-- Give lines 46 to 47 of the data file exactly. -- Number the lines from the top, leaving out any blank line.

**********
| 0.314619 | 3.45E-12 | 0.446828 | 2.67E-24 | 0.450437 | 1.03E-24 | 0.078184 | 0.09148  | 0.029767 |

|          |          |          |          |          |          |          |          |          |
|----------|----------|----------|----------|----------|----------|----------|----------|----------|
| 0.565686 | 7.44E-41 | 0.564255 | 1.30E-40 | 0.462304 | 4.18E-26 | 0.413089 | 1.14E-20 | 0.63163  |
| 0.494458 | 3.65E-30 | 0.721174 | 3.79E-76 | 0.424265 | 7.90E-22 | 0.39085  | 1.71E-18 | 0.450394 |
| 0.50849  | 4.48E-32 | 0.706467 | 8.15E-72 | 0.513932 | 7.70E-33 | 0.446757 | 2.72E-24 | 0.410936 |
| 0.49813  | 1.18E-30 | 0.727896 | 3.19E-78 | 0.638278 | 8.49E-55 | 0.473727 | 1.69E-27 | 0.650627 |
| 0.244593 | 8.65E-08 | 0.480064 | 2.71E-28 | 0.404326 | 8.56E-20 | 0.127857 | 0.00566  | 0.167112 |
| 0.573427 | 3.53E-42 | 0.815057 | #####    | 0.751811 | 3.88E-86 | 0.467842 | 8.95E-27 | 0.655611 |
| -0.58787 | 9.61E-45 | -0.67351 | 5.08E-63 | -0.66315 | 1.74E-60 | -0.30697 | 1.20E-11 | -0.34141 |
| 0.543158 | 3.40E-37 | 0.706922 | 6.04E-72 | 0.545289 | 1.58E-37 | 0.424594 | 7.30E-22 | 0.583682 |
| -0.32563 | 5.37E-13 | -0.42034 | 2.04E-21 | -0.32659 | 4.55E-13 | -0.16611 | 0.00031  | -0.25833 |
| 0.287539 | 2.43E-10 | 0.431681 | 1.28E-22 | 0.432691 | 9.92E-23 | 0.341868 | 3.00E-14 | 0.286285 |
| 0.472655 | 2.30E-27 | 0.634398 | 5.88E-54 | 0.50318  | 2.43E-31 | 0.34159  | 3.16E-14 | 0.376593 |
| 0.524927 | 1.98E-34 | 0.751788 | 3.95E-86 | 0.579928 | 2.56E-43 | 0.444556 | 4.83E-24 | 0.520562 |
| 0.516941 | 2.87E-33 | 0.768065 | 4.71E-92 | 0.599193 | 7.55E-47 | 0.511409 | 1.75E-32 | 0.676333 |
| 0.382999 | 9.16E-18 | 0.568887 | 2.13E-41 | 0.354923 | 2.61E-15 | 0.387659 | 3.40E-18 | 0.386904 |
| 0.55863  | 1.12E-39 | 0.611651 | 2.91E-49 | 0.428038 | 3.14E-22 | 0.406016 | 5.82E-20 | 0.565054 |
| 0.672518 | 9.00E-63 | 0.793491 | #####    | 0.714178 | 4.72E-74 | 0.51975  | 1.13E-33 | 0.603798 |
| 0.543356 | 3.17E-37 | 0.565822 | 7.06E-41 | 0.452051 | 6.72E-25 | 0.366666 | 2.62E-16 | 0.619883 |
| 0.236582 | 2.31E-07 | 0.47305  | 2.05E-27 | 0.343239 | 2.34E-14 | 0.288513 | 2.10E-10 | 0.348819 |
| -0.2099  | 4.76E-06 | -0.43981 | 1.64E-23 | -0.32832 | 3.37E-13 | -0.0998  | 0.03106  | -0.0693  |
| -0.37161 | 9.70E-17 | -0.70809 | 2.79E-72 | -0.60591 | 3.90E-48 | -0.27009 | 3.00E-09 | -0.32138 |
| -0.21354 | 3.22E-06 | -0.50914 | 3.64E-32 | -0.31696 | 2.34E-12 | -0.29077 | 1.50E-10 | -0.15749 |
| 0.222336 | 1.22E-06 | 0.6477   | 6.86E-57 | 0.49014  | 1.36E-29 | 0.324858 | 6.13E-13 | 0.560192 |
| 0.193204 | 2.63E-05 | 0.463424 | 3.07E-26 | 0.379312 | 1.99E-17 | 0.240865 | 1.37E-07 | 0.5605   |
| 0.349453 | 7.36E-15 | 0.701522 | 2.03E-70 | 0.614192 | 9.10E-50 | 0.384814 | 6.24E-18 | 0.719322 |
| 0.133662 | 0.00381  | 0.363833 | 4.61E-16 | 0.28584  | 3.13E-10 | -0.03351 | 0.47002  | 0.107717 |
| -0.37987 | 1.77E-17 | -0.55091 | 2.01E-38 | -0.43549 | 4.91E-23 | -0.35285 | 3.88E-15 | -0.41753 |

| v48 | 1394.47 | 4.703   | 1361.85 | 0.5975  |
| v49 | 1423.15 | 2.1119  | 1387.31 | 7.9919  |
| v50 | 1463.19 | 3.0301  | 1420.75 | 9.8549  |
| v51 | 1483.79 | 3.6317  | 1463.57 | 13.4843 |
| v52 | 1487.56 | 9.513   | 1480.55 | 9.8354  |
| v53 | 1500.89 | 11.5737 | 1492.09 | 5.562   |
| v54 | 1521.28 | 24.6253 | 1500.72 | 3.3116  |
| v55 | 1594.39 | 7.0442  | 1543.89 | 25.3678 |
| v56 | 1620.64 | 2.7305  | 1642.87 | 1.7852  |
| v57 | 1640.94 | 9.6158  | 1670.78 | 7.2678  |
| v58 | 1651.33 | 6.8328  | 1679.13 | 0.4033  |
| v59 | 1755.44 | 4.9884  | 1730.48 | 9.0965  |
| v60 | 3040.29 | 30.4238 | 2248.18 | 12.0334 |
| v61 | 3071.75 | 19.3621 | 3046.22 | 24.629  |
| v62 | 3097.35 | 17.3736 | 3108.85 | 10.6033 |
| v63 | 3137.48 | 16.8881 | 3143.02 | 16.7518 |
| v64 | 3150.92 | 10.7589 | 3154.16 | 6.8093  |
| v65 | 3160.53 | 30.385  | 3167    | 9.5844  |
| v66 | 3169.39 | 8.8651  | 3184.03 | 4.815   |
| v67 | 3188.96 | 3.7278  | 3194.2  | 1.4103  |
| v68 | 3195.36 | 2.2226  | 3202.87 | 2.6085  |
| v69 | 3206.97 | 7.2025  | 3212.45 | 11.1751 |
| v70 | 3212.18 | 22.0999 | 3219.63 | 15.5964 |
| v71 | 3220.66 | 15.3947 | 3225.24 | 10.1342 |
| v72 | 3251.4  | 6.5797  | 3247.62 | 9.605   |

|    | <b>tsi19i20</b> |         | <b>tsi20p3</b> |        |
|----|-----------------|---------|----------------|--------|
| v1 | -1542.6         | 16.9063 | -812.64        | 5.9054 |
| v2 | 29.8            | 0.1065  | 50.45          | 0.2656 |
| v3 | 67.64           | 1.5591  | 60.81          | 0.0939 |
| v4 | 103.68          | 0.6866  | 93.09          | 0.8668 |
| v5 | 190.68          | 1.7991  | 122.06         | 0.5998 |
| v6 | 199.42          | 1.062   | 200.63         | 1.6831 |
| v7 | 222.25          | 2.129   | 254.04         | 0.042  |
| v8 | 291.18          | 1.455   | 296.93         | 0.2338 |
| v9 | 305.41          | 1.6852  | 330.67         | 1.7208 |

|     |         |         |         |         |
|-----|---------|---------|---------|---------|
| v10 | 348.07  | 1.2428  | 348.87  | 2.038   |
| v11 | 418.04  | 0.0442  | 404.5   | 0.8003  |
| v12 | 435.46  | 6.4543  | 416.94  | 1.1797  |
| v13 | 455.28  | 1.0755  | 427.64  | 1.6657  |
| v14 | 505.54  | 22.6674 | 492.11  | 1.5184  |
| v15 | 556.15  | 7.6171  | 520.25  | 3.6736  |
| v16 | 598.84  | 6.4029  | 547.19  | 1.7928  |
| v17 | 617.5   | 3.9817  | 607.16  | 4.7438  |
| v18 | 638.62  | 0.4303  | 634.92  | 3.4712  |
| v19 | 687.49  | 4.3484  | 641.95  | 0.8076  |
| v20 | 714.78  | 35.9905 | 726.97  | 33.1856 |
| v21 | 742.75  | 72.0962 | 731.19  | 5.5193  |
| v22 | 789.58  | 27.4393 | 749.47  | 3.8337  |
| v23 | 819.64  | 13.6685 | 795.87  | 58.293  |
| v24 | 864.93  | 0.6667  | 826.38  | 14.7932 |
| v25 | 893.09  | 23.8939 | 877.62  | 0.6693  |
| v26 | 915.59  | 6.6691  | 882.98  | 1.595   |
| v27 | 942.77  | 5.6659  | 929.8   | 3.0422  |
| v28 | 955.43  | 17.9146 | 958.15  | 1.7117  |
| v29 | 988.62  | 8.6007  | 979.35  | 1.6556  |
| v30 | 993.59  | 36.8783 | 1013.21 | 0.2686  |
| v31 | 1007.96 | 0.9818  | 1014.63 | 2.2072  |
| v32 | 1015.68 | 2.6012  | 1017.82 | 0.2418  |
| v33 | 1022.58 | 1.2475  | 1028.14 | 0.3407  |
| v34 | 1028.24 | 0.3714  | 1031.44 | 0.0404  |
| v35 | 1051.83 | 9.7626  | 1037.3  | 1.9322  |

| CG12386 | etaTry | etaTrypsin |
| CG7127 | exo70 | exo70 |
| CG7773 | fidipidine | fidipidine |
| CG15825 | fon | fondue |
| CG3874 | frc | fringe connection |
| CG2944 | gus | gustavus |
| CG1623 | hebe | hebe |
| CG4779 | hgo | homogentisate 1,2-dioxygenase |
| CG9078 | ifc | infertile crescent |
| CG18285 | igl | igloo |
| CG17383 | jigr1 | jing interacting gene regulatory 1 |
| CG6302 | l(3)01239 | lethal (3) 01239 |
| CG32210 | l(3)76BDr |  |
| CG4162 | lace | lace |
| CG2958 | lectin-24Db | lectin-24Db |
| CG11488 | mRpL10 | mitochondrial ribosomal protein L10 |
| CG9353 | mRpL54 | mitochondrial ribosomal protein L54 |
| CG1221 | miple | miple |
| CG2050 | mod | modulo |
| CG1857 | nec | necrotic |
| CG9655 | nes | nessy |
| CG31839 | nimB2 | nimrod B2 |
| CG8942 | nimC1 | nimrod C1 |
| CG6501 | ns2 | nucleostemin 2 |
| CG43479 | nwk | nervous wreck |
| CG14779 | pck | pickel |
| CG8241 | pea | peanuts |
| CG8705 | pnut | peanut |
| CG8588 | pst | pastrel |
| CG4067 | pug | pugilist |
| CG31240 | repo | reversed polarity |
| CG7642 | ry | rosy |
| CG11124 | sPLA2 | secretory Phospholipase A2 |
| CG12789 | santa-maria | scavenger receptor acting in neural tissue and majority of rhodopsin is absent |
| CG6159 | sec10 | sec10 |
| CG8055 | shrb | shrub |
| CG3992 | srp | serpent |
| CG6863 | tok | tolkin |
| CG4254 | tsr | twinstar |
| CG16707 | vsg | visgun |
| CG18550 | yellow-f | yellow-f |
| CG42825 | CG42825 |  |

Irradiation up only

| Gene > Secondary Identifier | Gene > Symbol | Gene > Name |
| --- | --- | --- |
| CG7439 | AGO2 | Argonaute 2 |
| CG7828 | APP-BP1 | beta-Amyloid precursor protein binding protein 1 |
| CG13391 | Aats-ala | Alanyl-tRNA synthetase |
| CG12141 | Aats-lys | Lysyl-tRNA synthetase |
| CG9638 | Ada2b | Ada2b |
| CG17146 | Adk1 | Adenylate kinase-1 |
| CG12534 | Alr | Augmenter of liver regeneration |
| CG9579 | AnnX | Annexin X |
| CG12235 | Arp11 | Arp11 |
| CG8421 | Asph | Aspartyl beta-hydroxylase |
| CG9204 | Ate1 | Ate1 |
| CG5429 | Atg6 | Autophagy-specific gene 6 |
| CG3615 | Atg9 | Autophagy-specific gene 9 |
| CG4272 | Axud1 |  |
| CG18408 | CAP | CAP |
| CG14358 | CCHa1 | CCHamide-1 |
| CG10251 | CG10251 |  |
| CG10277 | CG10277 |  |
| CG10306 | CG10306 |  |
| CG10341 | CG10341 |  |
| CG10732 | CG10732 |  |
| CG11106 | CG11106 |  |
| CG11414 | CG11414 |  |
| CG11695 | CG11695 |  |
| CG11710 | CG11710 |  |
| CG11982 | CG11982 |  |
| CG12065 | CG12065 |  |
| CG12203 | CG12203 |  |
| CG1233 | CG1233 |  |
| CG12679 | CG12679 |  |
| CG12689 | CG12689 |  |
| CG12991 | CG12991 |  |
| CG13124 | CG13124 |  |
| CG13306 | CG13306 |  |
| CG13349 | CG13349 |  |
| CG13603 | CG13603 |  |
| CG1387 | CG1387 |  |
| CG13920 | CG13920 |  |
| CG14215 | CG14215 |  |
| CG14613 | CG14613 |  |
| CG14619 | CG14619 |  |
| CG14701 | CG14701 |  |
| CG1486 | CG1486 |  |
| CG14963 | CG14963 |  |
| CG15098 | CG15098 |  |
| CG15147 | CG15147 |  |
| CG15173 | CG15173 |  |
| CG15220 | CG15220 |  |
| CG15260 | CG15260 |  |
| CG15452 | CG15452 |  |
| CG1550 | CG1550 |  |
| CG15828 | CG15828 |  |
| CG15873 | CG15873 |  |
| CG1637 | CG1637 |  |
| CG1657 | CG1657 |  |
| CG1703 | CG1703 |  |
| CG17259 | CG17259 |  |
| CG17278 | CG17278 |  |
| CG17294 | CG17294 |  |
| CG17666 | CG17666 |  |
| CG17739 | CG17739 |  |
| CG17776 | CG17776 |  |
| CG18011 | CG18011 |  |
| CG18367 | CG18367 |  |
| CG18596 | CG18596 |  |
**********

| v64 | 3150.92 | 10.7589 | 3154.16 | 6.8093  |
| v65 | 3160.53 | 30.385  | 3167    | 9.5844  |